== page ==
As mentioned above, there is some challenging terminology here. Fantasy naming can be a bit wild at times, and here it is probably less wild and may actually be quite well structured. The problem is that I couldn’t see the structure, and so there were a lot of similar words that I didn’t have a proper handle of until quite a way through the book. Yikes. It’s certainly possible to get on with only a passing understanding of the local language, but it might have been nice to have had a bit of an easier ride!
And finally, the fighting. Overall the fighting was really excellent, and I enjoyed it very much. And it is certainly an important part of the book, given Tau’s journey. But on reflection, I do wonder whether some of it pushed just a little too far. I like the rise of an underdog as much as the next person, but this underdog was something quite else. I just fear that he may have stepped a little over the line of realism (noting of course that this is a fantasy novel!)
Overall, I really liked this book and would definitely recommend it to anyone who reads fantasy. If you are not keen on swordplay, then it might not be for you, but otherwise give it a go.
As to the plot Tau the son of a ordinary soldier finds his life ripped apart by tragedy seeking justice in a world where he belongs to a caste that is literally called lesser by those above them , the nobles who are gifted with magic and gifts that make them superhuman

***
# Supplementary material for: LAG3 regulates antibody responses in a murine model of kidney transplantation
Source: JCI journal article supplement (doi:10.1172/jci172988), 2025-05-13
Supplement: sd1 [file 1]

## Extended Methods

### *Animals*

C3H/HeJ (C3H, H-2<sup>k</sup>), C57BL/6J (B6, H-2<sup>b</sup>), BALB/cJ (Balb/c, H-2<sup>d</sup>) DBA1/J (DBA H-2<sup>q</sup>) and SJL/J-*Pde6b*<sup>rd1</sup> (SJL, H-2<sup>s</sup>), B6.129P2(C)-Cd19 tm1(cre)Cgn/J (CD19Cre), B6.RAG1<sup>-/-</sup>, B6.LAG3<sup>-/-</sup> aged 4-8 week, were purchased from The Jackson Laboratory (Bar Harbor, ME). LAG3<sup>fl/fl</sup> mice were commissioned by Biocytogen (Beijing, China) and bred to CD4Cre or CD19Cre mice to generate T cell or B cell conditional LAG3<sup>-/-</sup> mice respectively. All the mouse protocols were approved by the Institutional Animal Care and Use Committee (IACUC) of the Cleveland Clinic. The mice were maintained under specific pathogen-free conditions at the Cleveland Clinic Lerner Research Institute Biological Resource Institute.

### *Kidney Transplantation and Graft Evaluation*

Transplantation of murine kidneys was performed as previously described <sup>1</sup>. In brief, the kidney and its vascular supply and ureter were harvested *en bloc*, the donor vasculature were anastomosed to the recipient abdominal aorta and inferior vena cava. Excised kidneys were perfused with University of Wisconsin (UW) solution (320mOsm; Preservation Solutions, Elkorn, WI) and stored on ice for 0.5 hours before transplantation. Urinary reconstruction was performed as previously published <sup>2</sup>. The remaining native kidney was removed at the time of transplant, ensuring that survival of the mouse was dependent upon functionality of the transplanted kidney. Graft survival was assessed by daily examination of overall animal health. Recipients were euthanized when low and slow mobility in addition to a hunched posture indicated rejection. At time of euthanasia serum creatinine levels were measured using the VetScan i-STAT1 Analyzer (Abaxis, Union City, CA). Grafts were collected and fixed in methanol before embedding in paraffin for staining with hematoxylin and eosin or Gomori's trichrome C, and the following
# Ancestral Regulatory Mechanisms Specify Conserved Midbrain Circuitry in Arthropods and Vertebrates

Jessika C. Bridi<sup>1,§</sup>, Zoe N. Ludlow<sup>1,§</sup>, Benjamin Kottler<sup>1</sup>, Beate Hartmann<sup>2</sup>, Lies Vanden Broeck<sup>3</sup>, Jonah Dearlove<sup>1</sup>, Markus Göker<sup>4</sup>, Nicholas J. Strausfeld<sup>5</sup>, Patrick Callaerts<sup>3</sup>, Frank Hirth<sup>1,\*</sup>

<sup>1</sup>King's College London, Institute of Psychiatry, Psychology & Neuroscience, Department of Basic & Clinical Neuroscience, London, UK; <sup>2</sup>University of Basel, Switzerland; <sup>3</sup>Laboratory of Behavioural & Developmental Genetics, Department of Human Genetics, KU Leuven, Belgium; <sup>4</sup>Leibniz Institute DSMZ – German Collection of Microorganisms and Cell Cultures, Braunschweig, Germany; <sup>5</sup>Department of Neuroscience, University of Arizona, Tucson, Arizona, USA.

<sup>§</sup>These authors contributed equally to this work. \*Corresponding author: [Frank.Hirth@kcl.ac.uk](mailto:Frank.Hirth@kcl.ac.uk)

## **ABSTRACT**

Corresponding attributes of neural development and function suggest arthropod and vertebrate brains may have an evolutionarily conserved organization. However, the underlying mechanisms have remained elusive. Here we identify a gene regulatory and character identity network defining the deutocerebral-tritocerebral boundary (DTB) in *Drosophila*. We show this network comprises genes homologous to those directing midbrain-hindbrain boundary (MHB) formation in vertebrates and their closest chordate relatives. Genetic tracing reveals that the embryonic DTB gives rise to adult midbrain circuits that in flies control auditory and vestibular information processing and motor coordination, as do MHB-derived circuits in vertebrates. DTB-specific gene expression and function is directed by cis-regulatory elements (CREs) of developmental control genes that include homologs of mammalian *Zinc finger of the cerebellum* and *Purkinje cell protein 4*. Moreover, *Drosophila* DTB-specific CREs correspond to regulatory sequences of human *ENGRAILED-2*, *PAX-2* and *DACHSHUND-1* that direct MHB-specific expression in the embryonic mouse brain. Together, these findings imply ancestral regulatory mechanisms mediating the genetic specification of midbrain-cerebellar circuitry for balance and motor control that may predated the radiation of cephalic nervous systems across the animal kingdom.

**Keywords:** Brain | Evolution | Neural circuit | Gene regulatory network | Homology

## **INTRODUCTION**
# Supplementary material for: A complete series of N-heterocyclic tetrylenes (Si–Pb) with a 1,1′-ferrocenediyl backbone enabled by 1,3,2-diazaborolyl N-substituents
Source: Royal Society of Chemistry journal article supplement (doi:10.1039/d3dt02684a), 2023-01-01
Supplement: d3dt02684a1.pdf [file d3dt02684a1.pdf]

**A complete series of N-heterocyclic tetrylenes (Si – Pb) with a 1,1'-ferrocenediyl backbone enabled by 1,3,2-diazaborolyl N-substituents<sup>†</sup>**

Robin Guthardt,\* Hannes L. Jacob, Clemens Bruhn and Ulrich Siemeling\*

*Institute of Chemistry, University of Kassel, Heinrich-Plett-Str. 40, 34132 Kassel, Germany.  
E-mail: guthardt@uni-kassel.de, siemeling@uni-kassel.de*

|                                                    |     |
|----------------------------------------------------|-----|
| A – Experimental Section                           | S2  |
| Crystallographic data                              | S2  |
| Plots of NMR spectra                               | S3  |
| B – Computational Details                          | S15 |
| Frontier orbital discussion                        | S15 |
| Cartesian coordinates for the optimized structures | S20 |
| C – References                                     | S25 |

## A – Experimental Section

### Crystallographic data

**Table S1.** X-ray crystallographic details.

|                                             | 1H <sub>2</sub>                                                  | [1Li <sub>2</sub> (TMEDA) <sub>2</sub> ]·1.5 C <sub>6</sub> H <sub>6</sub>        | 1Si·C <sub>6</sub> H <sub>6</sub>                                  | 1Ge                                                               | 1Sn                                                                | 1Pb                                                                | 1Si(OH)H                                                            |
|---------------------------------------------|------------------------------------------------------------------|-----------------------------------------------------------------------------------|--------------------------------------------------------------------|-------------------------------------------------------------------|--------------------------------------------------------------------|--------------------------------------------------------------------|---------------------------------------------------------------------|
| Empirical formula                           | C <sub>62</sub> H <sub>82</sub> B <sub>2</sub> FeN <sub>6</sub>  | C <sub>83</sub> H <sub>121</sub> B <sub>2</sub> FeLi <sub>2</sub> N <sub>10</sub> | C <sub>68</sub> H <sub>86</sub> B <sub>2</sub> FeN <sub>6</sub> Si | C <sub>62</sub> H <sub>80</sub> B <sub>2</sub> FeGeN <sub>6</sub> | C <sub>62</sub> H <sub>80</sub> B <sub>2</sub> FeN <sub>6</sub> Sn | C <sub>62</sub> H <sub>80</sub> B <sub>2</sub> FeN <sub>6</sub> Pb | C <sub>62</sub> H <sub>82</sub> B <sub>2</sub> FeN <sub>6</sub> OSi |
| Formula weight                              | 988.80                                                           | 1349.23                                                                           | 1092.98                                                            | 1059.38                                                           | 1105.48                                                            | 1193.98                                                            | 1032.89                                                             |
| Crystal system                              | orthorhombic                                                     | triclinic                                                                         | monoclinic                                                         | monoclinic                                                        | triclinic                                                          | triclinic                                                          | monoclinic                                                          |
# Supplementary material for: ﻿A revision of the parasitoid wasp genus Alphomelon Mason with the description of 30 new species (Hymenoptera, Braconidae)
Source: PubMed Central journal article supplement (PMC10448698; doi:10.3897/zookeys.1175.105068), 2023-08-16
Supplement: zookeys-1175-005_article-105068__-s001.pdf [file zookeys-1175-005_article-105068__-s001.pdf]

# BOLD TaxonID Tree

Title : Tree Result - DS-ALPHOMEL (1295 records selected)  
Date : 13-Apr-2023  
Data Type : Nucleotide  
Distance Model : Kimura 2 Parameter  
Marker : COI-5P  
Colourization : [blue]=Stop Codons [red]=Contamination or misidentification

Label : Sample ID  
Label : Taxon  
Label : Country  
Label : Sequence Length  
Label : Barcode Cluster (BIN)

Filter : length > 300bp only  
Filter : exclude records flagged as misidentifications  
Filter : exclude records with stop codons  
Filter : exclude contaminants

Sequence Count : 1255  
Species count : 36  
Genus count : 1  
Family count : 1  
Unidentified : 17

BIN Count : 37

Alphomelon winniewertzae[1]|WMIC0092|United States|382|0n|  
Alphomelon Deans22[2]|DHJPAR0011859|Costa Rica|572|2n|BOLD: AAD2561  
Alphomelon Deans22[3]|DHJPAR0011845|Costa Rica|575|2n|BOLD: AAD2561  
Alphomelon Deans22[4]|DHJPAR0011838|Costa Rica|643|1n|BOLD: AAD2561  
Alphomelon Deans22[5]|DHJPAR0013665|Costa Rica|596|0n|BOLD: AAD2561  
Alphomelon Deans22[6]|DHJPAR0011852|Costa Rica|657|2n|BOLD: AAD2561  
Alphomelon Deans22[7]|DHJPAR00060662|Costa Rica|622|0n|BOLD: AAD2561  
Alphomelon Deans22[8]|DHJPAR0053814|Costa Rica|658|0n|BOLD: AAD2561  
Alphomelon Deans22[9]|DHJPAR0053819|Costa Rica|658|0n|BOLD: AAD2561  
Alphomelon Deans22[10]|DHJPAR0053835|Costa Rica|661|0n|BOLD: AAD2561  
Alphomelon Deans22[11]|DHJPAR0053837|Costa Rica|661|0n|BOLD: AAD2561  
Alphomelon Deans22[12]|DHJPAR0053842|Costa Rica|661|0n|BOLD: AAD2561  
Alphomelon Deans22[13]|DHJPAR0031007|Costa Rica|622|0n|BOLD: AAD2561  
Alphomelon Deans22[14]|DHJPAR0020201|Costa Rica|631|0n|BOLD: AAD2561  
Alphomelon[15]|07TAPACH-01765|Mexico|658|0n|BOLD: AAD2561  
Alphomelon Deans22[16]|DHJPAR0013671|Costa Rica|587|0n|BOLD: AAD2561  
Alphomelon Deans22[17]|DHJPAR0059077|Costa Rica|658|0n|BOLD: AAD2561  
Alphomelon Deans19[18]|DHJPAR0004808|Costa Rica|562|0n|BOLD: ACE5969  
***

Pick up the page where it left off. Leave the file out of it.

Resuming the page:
Working his way into the military under a gifted commander and finding a new home and family among his comrades Tau has one goal to seek vengeance and become the greatest warrior his world has ever known, while unbeknownst to him his empire is under threat as sins of its past come back to haunt and the bill for its crimes is coming due just as its magic always thought to be invincible begins to fade.
While the world is familiar enough castes, nobles magic and dragons all feature but with enough of a stamp by the author that they stand on there own while the author draws on African myths and history and myths and legends for inspiration i wouldn't say it’s that far removed from what you would be used to as a fantasy fan it's a lot of The same tropes just through a different cultural lens a different flavour then the normal European or occasional indian/eastern inspired fantasy but still very recognizable even if the titles and ranks ext were not familiar . I must salute the way the author uses dragons which is sparsely and for impact in this world Dragons are the magical equivalent of weapons of mass destruction destructive on a vast scale with numerous consequences both intended and unintended.